The culprit is Peronaspora belbahrii, which causes downy mildew. This new-to-the-U.S.-disease on basil is thought be transported by infected seed, and perhaps by air. According to Cornell University, where researchers are tracking this devastating basil disease, growers in Switzerland reported downy mildew on their basil crops in 2001. Two years later, there were reports of it in Italy, and the following year, France and Belgium. In this country, it was first discovered in Florida in 2007. It moved to Mid-Atlantic and New England states by 2008, the West Coast in 2009, and Hawaii in 2011. Prior to this century, the only known occurrence of downy mildew affecting basil was in Uganda…in 1933.

Sweet basil, Ocimum basilicum, is most susceptible to the disease spores but other types of basil have been affected. Once you have the disease in your plants, you should destroy the crop, preferably on a sunny day, since the disturbed spores will be killed by UV radiation. To prevent the problem, Cornell suggests minimizing wetness and humidity. (Yeah, right.) Seed treatments and fungicides can also be used as preventive measures, and researchers are working hard to develop resistant varieties.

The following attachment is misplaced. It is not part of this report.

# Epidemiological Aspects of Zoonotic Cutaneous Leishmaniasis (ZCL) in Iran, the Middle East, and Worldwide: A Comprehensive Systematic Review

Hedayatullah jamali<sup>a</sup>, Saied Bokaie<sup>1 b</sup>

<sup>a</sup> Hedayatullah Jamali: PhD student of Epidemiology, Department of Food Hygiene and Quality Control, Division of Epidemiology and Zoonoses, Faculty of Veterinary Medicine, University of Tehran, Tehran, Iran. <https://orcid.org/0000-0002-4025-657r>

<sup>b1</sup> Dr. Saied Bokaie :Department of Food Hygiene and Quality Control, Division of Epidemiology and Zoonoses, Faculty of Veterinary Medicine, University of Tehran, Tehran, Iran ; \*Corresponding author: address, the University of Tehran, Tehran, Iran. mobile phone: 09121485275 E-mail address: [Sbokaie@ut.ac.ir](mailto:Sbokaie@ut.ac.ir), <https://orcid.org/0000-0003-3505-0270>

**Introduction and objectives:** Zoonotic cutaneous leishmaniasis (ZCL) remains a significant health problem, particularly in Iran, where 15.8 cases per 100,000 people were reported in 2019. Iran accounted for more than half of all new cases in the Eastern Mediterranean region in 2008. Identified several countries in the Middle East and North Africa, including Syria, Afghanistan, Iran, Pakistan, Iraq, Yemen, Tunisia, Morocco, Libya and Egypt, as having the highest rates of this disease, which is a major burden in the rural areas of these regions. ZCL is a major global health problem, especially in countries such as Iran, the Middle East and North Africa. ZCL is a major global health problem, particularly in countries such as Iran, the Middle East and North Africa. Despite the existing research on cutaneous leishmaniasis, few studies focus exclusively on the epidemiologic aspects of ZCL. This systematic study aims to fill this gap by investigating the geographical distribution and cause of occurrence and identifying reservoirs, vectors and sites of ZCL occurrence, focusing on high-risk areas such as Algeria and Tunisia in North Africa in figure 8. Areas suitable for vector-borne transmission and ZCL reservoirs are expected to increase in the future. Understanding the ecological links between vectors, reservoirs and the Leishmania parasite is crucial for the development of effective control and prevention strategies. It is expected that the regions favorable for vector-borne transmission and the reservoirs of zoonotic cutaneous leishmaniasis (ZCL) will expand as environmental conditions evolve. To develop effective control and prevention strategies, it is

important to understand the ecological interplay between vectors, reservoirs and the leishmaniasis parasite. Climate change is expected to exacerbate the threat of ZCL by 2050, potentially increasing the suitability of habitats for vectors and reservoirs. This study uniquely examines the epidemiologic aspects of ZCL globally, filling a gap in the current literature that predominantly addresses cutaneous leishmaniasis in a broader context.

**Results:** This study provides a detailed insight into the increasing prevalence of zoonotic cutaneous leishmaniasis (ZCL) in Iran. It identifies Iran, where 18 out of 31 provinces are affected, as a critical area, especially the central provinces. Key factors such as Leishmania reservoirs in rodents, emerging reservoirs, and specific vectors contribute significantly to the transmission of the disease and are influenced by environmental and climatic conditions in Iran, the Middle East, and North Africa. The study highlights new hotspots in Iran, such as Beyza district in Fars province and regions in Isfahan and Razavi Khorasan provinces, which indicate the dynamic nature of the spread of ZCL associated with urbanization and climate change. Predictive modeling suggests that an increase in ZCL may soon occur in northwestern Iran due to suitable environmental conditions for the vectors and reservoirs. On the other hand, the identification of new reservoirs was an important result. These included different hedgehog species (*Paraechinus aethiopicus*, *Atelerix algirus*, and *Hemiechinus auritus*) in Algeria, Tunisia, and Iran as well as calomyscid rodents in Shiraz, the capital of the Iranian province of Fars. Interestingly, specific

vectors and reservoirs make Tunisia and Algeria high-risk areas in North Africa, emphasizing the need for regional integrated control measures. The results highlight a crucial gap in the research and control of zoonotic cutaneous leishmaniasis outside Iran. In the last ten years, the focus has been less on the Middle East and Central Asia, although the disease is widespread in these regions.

Meanwhile, my Salad Leaf Basil is not showing nasty signs of downy mildew, so I’m going to hurry up and make a batch of pesto before it is too late.

I’m a firm believer of variety in the garden and trying new things. When something goes wrong, there is always something to glory about. This year, I grew my first cauliflower plants. And, they’re doing well. I’m not sure how the two of us will manage to eat all of this cauliflower…but that can be an experiment too.

My chef-phew Wille introduced me to roasting cauliflower with olive oil and a hefty shower of curry and fennel. It has become a standard for me. But to celebrate this first cauliflower event I decided to go for a Moroccan twist. I was checking out some recipes combining cauliflower and lemon and olives, and remembered I had an unopened jar of preserved lemons in the refrigerator…